Forest Workers Getting Pay Raises, but Tasks Remain Daunting
Published: December 6, 2012 (Issue # 1738)
Forestry workers’ wages vary wildly from region to region, with rangers across the country making from 70,000 rubles ($2,200) to just 4,000 rubles ($125) a month.
MOSCOW — Forestry workers can expect a pay raise next year as the government seeks to get a grip on the endemic wildfire problem and widespread illegal logging.
Federal Forestry Agency chief Victor Maslyakov said Tuesday that both regular forest rangers and airborne fire fighters, the agency’s “forest special forces,” would be better rewarded to reflect the importance of their work and the dangers they face.
But wages vary wildly from region to region, with rangers across the country making from 70,000 rubles ($2,200) to just 4,000 rubles ($125) a month, Maslyakov said.
“As far as regular forest rangers are concerned … the aim is they should be paid not less than 30,000 rubles a month,” he said at a news conference Tuesday. “The absolute minimum we should aim for is not lower than the average wage in a region,” he said.
There are about 18,000 employees at the Federal Forestry Agency, meaning that each inspector has responsibility for about 65,000 hectares of land. That falls to 5,000 hectares in parts of European Russia. In parts of the Far East, there is only one ranger for each 200,000 hectares of Forest, RIA-Novosti reported, citing Forest Agency documents.
A chronic shortage of forestry service personnel resulting from reforms in 2006 was widely blamed for the disastrous wildfires that swept European Russia in the summer of 2010.
Airborne firefighters, who are delivered by helicopter to fight fires in remote areas, were thrown into the spotlight this summer when 8 of them died battling blazes in the Tyva republic in June. Maslyakov said 13 airborne firefighters were killed in 2012.
Maslyakov rejected accusations of playing down the extent and seriousness of wild fires, but he acknowledged that local authorities could underreport.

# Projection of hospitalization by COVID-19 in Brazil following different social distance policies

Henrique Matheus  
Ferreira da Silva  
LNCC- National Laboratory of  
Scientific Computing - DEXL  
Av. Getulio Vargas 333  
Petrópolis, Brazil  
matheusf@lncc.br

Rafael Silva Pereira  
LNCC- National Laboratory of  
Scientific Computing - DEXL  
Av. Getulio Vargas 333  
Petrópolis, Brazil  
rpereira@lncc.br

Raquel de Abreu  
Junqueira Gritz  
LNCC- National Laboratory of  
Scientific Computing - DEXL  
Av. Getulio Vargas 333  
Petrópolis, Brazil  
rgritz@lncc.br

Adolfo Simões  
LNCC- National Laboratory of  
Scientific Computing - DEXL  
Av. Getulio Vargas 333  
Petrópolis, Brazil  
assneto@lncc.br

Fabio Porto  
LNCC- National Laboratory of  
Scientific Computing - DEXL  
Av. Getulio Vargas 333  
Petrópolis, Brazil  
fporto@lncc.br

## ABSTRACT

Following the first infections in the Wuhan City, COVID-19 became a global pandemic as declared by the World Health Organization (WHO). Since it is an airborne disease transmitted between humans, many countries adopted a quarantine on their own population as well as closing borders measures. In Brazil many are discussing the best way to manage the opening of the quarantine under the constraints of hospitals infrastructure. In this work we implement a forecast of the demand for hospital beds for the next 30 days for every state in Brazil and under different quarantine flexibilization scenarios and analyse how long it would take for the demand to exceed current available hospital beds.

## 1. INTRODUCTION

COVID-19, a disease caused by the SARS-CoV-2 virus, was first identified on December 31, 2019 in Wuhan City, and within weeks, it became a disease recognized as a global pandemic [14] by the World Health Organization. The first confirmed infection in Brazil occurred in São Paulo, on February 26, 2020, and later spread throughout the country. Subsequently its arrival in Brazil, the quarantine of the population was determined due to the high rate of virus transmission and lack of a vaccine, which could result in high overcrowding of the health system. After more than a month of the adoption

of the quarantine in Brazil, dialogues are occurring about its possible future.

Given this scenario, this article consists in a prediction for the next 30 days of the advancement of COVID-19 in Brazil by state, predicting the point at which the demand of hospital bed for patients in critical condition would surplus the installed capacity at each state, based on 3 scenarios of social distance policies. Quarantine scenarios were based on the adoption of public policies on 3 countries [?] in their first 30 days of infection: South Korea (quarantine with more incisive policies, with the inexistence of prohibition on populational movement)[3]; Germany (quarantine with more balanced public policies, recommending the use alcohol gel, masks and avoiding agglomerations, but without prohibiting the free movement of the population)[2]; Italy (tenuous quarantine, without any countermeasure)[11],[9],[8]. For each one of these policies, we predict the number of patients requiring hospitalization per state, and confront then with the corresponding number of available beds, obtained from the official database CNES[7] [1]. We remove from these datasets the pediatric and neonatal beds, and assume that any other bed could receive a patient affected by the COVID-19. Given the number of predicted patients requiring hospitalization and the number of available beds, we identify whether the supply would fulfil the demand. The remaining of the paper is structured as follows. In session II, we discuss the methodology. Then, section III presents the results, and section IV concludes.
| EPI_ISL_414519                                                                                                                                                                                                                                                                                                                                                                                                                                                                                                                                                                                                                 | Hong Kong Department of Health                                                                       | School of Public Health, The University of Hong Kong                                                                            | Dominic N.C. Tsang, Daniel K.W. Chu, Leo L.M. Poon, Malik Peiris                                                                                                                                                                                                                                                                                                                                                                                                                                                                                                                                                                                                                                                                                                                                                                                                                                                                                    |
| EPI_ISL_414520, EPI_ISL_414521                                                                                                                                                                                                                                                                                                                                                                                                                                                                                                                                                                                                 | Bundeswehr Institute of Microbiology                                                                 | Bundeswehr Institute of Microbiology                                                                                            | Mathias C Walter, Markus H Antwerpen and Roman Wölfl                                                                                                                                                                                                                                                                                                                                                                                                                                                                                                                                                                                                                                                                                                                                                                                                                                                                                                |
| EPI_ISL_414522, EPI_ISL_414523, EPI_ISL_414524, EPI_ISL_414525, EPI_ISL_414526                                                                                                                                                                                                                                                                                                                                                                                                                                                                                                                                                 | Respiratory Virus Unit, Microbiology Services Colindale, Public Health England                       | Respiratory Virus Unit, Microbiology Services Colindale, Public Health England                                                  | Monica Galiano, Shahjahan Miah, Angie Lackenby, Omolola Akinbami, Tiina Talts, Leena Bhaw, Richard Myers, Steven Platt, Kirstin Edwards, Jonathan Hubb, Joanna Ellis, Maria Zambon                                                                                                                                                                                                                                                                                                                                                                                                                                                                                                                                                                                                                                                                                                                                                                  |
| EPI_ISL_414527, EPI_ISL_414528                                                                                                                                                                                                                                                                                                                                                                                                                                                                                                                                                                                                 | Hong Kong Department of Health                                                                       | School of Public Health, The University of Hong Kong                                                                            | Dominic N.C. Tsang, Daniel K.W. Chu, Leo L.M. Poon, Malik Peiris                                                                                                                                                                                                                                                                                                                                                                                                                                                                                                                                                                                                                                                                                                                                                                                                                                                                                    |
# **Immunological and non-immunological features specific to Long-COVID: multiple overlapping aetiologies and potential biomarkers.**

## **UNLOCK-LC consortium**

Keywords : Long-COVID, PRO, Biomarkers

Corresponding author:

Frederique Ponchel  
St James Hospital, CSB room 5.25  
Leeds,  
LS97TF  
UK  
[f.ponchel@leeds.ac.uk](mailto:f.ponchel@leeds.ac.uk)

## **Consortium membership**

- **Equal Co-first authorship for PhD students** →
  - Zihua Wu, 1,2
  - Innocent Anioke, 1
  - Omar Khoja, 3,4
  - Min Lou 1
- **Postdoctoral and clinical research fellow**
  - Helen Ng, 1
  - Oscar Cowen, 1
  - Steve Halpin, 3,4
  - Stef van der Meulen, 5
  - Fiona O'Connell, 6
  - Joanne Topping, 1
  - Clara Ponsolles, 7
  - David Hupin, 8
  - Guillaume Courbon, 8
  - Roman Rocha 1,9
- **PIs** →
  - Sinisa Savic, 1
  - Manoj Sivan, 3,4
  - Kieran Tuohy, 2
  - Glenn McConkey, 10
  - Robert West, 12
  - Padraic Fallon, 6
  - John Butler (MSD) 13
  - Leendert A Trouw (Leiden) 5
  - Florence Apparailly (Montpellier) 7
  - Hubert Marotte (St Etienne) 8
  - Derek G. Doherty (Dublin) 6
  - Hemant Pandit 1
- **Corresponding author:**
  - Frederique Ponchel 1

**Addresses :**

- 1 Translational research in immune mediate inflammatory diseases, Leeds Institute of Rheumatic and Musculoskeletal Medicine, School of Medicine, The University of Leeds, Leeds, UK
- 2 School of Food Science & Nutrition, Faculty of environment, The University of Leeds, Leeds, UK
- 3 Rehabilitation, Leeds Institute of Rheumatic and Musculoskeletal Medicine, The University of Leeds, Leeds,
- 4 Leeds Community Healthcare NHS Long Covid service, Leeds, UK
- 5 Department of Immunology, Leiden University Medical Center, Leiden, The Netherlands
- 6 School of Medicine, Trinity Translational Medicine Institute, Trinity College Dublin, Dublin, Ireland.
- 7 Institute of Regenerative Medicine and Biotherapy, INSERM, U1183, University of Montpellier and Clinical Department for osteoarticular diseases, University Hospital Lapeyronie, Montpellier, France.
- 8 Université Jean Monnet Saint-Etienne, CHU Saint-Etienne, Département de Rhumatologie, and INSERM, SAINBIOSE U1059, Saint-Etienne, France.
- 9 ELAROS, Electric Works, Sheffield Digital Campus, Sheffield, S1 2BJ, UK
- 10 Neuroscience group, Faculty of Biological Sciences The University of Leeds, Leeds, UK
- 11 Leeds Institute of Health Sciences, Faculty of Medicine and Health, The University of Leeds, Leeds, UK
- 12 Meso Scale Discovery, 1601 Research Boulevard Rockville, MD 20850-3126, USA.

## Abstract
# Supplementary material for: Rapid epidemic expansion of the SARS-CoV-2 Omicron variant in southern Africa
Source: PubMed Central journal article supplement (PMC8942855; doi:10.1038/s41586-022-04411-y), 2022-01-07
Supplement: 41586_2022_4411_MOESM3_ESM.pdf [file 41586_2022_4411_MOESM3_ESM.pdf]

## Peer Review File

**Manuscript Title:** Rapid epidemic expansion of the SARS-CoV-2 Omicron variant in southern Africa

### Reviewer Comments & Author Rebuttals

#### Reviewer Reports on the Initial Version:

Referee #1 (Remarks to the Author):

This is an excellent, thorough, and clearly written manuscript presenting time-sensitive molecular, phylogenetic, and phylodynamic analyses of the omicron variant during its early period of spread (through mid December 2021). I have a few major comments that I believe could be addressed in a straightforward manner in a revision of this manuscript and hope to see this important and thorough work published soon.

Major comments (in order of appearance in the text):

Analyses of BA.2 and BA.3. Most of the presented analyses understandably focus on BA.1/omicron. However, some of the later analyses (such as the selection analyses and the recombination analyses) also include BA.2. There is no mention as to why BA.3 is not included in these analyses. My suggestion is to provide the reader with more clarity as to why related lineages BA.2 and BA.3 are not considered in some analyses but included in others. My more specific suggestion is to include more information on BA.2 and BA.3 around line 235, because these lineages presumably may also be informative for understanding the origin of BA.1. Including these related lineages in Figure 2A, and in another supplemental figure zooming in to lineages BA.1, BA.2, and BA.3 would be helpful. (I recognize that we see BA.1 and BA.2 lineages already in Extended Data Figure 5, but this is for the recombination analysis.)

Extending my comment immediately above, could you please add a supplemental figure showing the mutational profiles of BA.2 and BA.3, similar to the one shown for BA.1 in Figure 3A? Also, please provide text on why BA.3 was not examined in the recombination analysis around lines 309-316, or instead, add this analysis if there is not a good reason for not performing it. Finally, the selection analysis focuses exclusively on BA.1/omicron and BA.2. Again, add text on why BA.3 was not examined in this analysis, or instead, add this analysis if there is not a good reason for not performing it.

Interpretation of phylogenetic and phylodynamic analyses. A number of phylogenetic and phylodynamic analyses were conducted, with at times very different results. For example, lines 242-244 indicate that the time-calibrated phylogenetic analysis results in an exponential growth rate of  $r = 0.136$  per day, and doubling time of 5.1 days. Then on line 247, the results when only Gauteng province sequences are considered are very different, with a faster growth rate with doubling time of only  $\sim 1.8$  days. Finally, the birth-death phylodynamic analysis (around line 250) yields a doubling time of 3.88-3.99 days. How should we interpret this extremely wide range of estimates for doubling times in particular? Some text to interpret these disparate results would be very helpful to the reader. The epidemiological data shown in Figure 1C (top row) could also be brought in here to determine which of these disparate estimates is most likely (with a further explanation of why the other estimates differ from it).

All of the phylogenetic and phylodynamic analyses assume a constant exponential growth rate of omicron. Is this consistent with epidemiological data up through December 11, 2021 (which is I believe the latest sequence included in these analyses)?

“Every fire has its own passport. It is numbered and measured and watched,” he said.
At the height of the fires this summer, Greenpeace said publicly available satellite images showed that millions of hectares were burning, while official figures on the Emergency Ministry’s website showed just over 18,000 hectares.
An integrated forestry registry is due to be introduced Jan. 1 to combat illegal logging. The real-time database will record every event relating to forests across the country, from the issuance of logging permits to the felling of tress and forest fires
The registry is an effort by the government to close loopholes that have allowed black-market lumberjacks to “correct” documents to mislead inspectors.
In the Moscow region, the main threat to trees comes not from loggers or fire but from beetles.
Spruce bark beetles have swept through European forests in recent years and do significant damage to spruce trees.
Up to 3 million cubic meters of timber will have to be felled each year for the next five to seven years to bring the epidemic under control, Maslyakov said.
“If you go up in a plane and look down, you can see the infected area, these brown patches among the green,” he said.
About 35,000 of the 2.1 million hectares of woodland in the Moscow region is affected by the epidemic, which experts believe began during the dry summer of 2010.
The beetles attack only spruce trees and can destroy a healthy tree within a month. Apart from felling infected trees, the only way to combat the beetles is with pheromone traps.